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Last week’s exceedingly brilliant staging of The Legends of Shiva has once again proved Chinmaya Mission NZ’s considerable ability to put together complex theatrical productions of excellence time and again.

Legends, which involved more than 120 cast and crew, is its third production in as many years, behind Ramayana and Mahabharata, which were also equally well-received.

From classical and folk dances to ballads and dance-dramas, India has a rich, timeless tradition of storytelling through a bewildering range of performing arts. While Legends drew from many of these traditions, it built its narrative on the one most favourite technique of Indian traditional storytelling: asker-narrator dialogues.

Legends is a collection of stories about Lord Shiva, perhaps Hinduism’s oldest deity going back to the Indus Valley civilisation who is continuously worshipped to this day across the subcontinent. The stories are drawn from several texts and traditions and all though popular and widely known, they were well contextualised by delightful Q&A between the equally delightful and endearing asker-narrator duo.

The eternally lovable young Ganesha asking innocent questions of Shiva’s trusted lieutenant and vehicle Nandi, who provides answers by way of preludes to acts that follow, were a well-devised mechanism that not only glued the production together but also provided a delightful sideshow – quite literally, on a side-stage midway up the auditorium.

Nine months in the making, Legends owes its success in large parts to its engaging, flawless script.

Indian culture seamlessly combines legends, beliefs, philosophy, ethics, ritual, devotion, artistic expression and much else into sheer kaleidoscopic beauty. And the script of Legends does full justice to all these facets most handsomely. It is many layered and one can take away from it as much or as little, depending on one’s proclivities and familiarity with our many splendoured traditions.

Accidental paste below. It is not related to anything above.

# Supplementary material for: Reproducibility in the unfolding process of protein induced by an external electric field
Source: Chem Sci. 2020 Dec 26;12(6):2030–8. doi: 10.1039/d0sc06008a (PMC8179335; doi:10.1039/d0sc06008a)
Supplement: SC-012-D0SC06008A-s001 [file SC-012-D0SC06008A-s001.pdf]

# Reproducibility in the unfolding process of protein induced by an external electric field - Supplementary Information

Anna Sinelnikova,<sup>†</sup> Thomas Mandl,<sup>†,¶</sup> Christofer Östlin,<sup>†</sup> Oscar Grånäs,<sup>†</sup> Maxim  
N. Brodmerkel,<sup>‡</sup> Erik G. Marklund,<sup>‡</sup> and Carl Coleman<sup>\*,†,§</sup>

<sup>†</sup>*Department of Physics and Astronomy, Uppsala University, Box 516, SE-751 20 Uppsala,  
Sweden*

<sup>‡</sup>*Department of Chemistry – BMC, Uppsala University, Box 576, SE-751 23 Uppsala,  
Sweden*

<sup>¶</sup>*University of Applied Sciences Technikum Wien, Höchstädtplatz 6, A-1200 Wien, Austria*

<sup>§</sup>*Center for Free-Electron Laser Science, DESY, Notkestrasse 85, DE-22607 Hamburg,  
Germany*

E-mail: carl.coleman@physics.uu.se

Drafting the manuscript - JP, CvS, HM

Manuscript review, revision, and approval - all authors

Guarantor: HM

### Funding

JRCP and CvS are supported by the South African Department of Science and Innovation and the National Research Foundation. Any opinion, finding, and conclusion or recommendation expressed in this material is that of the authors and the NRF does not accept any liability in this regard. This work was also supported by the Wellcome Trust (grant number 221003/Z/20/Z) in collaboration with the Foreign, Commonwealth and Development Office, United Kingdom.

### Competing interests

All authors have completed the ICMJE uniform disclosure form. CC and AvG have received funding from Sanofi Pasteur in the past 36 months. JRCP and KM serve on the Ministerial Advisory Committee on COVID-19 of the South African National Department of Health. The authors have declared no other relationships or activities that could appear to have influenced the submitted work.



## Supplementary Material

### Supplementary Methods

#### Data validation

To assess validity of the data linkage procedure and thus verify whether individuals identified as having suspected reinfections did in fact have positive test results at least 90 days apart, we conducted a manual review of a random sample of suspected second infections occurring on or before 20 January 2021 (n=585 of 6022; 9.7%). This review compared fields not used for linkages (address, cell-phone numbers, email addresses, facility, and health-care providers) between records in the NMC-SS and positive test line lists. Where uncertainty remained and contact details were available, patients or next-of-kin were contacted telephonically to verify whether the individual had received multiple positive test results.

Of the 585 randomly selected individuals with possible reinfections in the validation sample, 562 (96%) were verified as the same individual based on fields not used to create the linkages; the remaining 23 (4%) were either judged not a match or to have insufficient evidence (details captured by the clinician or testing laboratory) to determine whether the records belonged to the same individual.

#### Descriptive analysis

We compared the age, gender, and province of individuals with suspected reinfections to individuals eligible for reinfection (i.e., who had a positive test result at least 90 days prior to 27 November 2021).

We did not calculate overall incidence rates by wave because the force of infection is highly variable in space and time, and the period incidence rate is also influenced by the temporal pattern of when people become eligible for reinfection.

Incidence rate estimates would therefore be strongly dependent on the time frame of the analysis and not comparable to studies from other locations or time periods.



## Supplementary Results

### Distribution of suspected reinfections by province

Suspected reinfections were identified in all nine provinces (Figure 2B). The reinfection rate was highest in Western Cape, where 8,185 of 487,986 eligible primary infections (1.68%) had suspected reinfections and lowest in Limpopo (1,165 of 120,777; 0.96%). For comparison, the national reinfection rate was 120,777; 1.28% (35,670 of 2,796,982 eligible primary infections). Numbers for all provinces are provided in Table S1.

All the more kudos to scriptwriters Swami Atulananda and Nikhil Mokkapati for not just this stupendous effort but equally for contextualising it for the uninitiated and for the partially initiated, if I may use that expression.

(On a personal note, having worked as one of the editors of the well-known series Amar Chitra Katha many years ago – I recall having worked on Tales of Shiva and Sati and Shiva – I can appreciate the effort that would have gone into the script and I doff my hat to the scriptwriters.)

The different rasas of Shiva – fearsomeness, compassion, simplicity and steadfastness, to list a few – were expressed beautifully drawing from a variety of performing art traditions ranging from classical dance to traditional martial arts in the episodic presentations. The depiction of Ardhanarishwara to the instrumentalised accompaniment of the traditional Natanagara Atisundara was a standout, as was the quick-fire dance of Kali at her most fearsome.

The strong script provided a fine blueprint for the producers, directors and choreographers to build on – and what a wonderful edifice they did build! The talented choreographers creatively contemporized the dances, while yet rooting them in tradition. The backdrop visuals, lighting, on-stage effects and sound were perfectly synchronized rounding off the production as a flawless effort.

What was most impressive was the dedication and hard work of all concerned to draw the best out of one another in making this production so successful and memorable. The effort has proved beyond doubt that with dedication and willingness, it is possible to not only preserve our traditions in far off lands but also instill in our youth a love of our traditions while developing their talents and providing them a platform to display them.

Chinmaya Mission NZ’s President of the Executive Committee Ram Lingam says, “A mammoth effort like this is a hallmark of Chinmaya Mission youth not just in New Zealand but worldwide. With productions like these, Chinmaya Mission endeavours to highlight the spiritual wisdom of India to the community at large, particularly to our modern educated generation.”

If the standing ovations at the end of the each of the four performances is anything to go by, the audiences will be waiting with bated breath for this wonderfully talented team’s next offering.

First appeared in The Indian Weekender dated 14 December 2018.